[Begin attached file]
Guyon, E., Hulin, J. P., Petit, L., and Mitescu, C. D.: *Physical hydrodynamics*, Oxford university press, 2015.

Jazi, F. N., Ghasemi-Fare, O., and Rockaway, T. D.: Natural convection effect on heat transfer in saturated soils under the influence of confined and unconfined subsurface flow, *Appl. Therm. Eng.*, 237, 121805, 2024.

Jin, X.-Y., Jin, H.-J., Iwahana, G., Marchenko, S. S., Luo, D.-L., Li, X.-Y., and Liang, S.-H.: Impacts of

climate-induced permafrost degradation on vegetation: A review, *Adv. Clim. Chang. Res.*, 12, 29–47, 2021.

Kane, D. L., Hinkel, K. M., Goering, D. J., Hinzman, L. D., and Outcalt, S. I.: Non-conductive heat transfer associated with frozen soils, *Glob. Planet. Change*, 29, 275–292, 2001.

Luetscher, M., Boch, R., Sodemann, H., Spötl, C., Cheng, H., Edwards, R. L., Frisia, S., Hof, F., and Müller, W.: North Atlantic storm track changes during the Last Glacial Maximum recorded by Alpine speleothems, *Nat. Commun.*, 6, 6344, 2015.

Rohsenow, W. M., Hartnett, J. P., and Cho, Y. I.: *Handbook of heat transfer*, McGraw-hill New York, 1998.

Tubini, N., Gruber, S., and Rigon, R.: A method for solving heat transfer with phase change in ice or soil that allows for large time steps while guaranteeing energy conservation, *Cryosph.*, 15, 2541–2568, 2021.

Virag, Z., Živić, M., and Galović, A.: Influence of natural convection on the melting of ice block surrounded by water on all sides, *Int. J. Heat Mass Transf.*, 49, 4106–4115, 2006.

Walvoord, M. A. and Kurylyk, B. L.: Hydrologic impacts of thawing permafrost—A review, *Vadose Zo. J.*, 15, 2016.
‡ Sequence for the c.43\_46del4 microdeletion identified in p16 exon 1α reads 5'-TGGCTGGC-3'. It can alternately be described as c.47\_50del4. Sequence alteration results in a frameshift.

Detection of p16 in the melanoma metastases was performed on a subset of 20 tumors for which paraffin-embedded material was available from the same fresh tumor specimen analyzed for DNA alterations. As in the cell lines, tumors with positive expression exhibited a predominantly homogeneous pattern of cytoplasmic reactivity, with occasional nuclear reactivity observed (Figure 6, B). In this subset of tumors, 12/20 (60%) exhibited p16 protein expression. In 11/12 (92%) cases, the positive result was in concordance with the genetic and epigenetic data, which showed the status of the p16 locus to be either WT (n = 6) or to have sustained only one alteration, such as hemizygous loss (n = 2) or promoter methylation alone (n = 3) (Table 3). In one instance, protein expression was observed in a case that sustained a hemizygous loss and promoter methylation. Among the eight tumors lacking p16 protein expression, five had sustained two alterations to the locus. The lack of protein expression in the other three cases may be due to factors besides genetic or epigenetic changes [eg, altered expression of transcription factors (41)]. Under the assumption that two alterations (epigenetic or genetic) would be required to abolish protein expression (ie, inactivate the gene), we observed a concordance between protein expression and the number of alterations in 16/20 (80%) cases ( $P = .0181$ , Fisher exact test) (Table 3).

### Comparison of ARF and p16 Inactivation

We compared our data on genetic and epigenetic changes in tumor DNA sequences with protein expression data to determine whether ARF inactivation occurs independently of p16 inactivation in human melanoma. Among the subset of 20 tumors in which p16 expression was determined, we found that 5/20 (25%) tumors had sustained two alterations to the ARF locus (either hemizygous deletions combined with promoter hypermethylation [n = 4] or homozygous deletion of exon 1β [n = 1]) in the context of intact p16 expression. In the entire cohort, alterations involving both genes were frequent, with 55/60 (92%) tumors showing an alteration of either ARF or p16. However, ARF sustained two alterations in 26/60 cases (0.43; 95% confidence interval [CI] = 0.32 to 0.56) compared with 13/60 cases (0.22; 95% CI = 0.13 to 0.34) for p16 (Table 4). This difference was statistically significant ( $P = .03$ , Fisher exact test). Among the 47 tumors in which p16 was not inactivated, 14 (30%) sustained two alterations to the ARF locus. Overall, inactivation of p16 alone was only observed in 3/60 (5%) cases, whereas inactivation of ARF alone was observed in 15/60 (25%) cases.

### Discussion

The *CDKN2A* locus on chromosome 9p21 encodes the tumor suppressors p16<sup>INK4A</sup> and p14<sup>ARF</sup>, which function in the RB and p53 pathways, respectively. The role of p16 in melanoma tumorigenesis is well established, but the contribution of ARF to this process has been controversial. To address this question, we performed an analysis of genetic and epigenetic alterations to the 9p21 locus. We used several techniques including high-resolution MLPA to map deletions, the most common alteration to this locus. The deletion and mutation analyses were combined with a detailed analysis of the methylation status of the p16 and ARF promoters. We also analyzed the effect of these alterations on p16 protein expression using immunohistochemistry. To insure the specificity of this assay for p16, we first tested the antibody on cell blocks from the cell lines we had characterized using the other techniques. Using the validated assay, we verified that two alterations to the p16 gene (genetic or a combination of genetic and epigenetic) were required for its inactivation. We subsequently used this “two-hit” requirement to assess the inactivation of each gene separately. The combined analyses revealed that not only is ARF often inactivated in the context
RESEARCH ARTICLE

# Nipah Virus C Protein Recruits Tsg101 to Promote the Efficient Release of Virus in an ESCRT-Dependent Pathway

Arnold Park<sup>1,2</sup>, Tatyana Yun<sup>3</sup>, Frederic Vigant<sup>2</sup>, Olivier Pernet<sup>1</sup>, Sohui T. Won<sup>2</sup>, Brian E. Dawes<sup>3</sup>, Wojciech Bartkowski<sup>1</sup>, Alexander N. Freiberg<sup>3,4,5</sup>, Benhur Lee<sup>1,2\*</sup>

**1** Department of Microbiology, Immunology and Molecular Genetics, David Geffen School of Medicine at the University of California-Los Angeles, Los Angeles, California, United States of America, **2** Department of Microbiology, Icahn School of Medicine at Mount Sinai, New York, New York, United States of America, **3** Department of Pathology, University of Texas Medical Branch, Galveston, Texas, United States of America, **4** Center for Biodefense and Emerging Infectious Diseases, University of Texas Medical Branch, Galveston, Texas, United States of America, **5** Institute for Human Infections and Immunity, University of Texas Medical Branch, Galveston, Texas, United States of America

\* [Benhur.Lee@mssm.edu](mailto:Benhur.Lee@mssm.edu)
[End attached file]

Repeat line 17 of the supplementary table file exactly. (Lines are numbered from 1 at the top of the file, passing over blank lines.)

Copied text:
RESEARCH ARTICLE